Archaeologists Unearth 2000-Year-Old Military Temples

Jax Hudur

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Temple groundsBeeld: © RAAP

From discovering baffling mass frog burials near Cambridge in England to unearthing hundreds of Egyptian mummies in the Saqqara necropolis, 2022 has been the year that keeps giving for archaeologists.

Recently, researchers from the RAAP Archaeological consultancy have found what they believe are the ruins of 2000-year-old Roman temples in the Netherlands.

The unprecedented discovery will mark the first time a Roman temple for Rome’s military is found in the country as the archaeologists suspect the temples were used by Roman soldiers, including high-ranking Roman officers, to offer prayers and sacrifices.

The finding was made in the Dutch village of Herwen-Hemeling, located in the province of Gelderland, near the UNESCO World Heritage Site of the Limes, a Roman frontier stretched 400 km from the Rhenish Massif in Germany to the Netherlands North Sea coast.

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A Roman altar unearthed from the siteBeeld: © RAAP

The Roman Limes are ancient Roman military outposts strategically placed in fortifications to protect the Roman military from surprise attacks by the Germanic tribes that Rome was at war with.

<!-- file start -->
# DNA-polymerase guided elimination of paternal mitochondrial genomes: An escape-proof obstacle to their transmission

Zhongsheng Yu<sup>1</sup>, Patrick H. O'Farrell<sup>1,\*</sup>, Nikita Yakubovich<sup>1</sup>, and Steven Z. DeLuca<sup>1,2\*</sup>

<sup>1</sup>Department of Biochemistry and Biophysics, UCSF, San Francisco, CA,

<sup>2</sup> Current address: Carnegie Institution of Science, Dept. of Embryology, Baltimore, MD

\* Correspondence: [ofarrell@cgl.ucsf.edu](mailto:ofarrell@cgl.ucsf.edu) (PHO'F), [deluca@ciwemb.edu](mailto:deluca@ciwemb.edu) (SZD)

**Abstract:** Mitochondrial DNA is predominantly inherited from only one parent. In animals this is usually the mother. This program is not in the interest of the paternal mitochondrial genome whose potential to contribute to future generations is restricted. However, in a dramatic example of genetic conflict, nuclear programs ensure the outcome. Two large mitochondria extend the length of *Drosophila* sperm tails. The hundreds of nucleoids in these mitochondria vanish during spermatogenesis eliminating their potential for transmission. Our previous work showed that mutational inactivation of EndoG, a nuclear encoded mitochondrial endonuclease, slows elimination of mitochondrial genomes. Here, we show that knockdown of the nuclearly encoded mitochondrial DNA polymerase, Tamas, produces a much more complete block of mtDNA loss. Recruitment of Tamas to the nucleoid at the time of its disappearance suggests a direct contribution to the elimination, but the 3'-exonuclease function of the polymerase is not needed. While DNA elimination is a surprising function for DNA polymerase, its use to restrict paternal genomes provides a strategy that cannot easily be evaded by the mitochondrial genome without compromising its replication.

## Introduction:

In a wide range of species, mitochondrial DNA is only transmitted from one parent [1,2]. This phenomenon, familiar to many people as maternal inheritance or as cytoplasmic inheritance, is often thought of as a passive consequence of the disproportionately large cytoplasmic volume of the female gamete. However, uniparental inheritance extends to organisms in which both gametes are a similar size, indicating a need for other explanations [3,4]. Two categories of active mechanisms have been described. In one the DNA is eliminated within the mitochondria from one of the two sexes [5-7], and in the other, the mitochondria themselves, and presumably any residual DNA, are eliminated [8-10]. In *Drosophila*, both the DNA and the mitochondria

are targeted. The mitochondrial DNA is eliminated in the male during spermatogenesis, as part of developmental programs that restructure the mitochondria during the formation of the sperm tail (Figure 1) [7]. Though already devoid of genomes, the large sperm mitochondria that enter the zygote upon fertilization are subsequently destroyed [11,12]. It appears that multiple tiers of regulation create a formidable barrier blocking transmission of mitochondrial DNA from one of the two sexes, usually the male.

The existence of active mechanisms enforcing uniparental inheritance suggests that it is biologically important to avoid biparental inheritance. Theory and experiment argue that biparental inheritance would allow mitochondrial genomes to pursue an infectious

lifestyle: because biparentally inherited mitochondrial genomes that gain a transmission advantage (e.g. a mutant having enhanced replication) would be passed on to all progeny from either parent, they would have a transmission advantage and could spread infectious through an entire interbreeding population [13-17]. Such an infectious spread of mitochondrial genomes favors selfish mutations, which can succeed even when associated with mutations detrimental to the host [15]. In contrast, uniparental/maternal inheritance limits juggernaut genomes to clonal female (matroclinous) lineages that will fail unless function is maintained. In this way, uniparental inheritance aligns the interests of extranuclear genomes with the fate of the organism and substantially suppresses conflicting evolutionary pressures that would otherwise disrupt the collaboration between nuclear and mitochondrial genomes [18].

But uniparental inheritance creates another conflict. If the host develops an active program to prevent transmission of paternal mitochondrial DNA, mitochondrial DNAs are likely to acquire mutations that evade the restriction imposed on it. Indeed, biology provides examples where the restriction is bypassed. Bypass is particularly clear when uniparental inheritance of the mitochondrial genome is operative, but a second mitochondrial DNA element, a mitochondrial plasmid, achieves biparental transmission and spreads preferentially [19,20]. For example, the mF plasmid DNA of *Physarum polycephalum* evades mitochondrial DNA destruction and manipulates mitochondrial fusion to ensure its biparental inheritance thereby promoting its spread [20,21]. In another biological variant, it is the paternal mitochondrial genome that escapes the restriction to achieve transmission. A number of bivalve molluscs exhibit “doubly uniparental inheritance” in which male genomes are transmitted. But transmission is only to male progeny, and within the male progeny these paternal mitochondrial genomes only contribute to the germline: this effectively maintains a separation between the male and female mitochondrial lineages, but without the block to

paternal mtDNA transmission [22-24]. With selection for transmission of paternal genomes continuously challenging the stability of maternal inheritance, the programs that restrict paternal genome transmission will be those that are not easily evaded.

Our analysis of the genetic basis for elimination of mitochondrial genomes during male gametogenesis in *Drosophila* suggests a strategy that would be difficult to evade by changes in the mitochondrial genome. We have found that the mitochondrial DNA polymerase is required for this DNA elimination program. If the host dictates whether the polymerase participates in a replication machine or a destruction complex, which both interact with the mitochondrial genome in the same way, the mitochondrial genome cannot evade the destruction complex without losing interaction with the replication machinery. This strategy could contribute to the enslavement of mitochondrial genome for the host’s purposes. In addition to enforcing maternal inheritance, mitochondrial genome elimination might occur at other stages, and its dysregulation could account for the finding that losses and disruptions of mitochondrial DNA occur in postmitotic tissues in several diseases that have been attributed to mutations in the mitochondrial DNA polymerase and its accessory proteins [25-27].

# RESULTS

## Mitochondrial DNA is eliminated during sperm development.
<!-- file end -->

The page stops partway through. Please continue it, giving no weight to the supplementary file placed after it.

The Roman temples have researchers excited. For one, the temple complex is the most complete of its kind ever to be found in the country. It includes a temple building, a stone wall with distinct military engravings, and fire pits that soldiers used to offer sacrifices to the deities they worshipped. In addition, military paraphernalia, such as armor, spear tips, lances, and horse harnesses, were also found at the site.

Researchers are also hopeful of making more discoveries as they continue to dig. Netherland’s Heritage Agency speaking on the fascinating discovery, said,

“High-ranking Roman officers erected dozens of votive stones to give thanks to a god or goddess for fulfilling their wishes. These did not always relate to winning battles. Simply surviving a stay in these northern regions, sometimes far from home, was often reason enough to give thanks.”

A video of the site from the Netherlands Heritage Agency

Though the Roman army has uprooted all resistance due to the devastating Gallic wars that ended with the total defeat of the warring Germanic tribes, the first-century temples now found in the Netherlands will provide an invaluable insight into Rome’s fighting military men.

The temples would also mean that the small country of Netherlands played a critical role in ancient Rome’s European military expansion. Today, the Netherlands, besides its small size, plays a massive role in world politics as the country is a founding member of the EU, NATO, and WTO, as well as being the seat of the International Criminal Court.

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